Incorrect:
    Screen shot of warning icon used unnecessarily

    In this example, are users likely to answer this question differently because of the warning icon?

  • Is there some significant action to do or decision to make? Warnings without actions just make users feel paranoid.

    Incorrect:
    Screen shot of warning icon used with reminder

    Why is this notification a warning? What are users supposed to do (beside worry)?

Context

Context is also a consideration in using standard icons because the context itself communicates information. Specifically:

  • While dialog boxes (including task dialogs and message boxes) and notifications don't need icons for non-critical errors, in-place errors always need error icons. Otherwise, such non-modal feedback would be too easy to overlook.
  • In-place warnings always need warning icons to distinguish them from regular text.
  • Dialog boxes, notifications, and balloons don't need information icons because they are clearly presenting information. By contrast, banners need 16x16 pixel information or other icons because such non-modal feedback would be too easy to overlook.

Because context is a significant factor in icon usage, the standard icon guidelines in this article are given in terms of their context.

Evaluating standard icon appropriateness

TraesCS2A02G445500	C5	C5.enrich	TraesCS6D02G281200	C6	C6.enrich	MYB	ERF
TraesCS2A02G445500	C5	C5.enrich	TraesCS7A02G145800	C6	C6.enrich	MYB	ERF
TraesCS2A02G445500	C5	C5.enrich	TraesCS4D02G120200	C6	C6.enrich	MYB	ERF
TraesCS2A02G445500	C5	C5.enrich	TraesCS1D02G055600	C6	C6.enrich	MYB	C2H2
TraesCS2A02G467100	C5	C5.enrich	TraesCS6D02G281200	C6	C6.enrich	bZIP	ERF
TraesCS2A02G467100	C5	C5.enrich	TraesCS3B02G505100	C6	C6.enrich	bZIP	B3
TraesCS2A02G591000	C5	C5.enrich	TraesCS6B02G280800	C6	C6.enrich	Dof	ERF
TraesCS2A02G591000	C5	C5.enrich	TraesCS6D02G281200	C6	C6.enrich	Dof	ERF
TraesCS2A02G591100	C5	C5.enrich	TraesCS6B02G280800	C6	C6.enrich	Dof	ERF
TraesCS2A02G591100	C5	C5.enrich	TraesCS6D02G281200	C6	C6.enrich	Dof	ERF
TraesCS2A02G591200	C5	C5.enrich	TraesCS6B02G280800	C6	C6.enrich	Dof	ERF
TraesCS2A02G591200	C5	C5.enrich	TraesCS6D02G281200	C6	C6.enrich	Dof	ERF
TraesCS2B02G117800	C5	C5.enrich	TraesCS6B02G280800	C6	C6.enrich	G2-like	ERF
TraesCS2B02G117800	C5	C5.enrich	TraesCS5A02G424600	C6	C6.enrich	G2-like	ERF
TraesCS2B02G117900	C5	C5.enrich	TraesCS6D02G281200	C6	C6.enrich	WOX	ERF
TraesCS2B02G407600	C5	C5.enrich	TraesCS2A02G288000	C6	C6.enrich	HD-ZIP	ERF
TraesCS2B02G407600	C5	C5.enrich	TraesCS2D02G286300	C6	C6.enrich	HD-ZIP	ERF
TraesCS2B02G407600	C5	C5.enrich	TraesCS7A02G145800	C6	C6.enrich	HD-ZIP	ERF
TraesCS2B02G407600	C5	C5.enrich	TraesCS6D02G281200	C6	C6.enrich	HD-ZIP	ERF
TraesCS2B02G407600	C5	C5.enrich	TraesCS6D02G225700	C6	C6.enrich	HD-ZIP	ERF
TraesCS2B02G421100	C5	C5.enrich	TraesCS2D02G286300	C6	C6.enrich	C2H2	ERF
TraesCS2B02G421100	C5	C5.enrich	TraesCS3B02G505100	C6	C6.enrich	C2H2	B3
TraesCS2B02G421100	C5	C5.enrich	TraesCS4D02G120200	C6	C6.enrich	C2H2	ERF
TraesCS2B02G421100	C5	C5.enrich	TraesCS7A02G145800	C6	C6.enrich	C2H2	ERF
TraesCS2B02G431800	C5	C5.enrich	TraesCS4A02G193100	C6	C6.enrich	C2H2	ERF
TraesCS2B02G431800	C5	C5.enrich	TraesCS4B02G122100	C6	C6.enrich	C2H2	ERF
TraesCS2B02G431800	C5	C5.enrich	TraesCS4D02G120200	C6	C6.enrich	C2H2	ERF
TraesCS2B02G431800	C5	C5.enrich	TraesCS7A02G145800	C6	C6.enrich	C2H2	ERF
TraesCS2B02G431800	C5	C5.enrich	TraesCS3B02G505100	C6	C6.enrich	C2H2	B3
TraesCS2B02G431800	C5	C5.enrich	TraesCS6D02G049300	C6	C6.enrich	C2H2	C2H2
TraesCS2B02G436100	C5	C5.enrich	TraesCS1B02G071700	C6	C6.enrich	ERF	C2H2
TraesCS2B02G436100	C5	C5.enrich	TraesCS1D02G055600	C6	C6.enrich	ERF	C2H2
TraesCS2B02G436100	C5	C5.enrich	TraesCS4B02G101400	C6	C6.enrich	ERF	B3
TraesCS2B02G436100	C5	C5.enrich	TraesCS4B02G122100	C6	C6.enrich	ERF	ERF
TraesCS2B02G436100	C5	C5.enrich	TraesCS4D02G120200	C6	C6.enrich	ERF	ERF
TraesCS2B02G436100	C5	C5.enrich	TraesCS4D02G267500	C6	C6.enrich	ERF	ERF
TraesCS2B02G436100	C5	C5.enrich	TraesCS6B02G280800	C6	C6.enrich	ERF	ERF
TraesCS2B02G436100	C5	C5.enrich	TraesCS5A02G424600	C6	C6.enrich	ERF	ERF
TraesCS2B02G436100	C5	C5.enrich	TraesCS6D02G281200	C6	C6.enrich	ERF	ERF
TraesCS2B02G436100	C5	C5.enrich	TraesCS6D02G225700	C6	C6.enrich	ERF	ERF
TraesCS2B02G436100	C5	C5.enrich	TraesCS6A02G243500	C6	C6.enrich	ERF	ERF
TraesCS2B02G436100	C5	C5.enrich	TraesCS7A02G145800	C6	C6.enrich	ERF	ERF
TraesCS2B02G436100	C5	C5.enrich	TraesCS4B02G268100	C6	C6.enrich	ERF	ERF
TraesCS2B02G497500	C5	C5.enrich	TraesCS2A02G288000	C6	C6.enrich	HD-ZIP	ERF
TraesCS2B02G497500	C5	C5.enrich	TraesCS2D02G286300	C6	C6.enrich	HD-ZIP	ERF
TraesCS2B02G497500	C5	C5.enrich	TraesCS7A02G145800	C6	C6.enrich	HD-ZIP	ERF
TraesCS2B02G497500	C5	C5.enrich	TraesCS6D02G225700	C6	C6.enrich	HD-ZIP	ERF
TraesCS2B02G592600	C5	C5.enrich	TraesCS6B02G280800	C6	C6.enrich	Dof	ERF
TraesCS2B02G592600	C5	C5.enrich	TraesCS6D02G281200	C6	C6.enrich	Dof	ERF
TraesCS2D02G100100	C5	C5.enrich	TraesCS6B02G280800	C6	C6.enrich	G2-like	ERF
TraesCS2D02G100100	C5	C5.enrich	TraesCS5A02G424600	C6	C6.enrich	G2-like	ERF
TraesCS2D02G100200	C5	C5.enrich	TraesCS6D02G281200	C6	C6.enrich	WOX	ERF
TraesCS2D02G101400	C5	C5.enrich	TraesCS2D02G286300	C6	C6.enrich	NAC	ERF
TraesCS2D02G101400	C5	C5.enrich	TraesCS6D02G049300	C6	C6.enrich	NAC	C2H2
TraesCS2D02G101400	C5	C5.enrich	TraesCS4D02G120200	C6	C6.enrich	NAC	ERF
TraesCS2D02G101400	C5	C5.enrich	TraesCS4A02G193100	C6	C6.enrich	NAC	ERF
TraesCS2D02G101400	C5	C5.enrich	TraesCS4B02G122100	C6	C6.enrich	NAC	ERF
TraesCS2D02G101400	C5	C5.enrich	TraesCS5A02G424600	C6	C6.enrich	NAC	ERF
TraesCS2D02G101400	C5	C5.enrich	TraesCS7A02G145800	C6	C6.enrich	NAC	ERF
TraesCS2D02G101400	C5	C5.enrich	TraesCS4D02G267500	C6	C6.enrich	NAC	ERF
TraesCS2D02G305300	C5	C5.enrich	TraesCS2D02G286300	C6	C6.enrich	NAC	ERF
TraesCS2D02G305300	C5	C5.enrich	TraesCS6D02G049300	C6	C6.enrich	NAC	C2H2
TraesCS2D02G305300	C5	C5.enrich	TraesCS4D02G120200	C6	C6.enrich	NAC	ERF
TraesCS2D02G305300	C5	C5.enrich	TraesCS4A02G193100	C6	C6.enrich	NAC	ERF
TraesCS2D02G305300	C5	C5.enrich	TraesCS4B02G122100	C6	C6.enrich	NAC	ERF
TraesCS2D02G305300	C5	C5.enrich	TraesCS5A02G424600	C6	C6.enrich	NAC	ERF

When evaluating your UI text, read any standard icons as well. Read error icons as "error!", warning icons as "warning, be very careful here!", and information icons as "attention!". Then continue to read the remaining context, such as the main instruction, content area, and commit buttons. Make sure the meaning and the tone of each standard icon matches the meaning and the tone of its context. If they don't, you've found a problem.

If you do only one thing...
Make sure the meaning and the tone of each standard icon matches the meaning and the tone of its context. If they don't match, change or remove the icon.

Guidelines

Note: For the following guidelines, "in-place" means on any normal window surface, such as within the content area of a wizard, property sheet, or control panel item page.

General

  • Choose standard icons based their message type, not the severity of the underlying issue:
    • Error. An error or problem that has occurred.
    • Warning. A condition that might cause a problem in the future.
    • Information. Useful information.
  • If an issue straddles different message types, focus on the most important aspect that users need to act on.
  • Icons must always match the main instruction or other corresponding text.

    Correct:
    Screen shot of error icon used with error text

    Incorrect:
    Screen shot of warning icon used with error text

    In the incorrect example, the standard warning icon doesn't match the main instruction (which gives an error).

Icon size

  • Choose the standard icon size based on the context:
  • ContextWhen to use
    Dialog boxesUse 32x32 pixel for content area icons; 16x16 pixel for footnote area icons.
    In-placeUse 32x32 pixel for error pages; 16x16 pixel icons for all others.
    NotificationsUse 16x16 pixel icons.
    BalloonsUse 16x16 pixel icons.
    BannersUse 16x16 pixel icons.

Error icons

  • Use error icons only when an error or a problem has occurred:
    ContextWhen to use
    Dialog boxesUse for critical errors only. (Don't use standard icons for non-critical errors.)

    Screen shot of error icon used with error message

    In-place errorsUse for all errors.

    Screen shot of error icon used with error message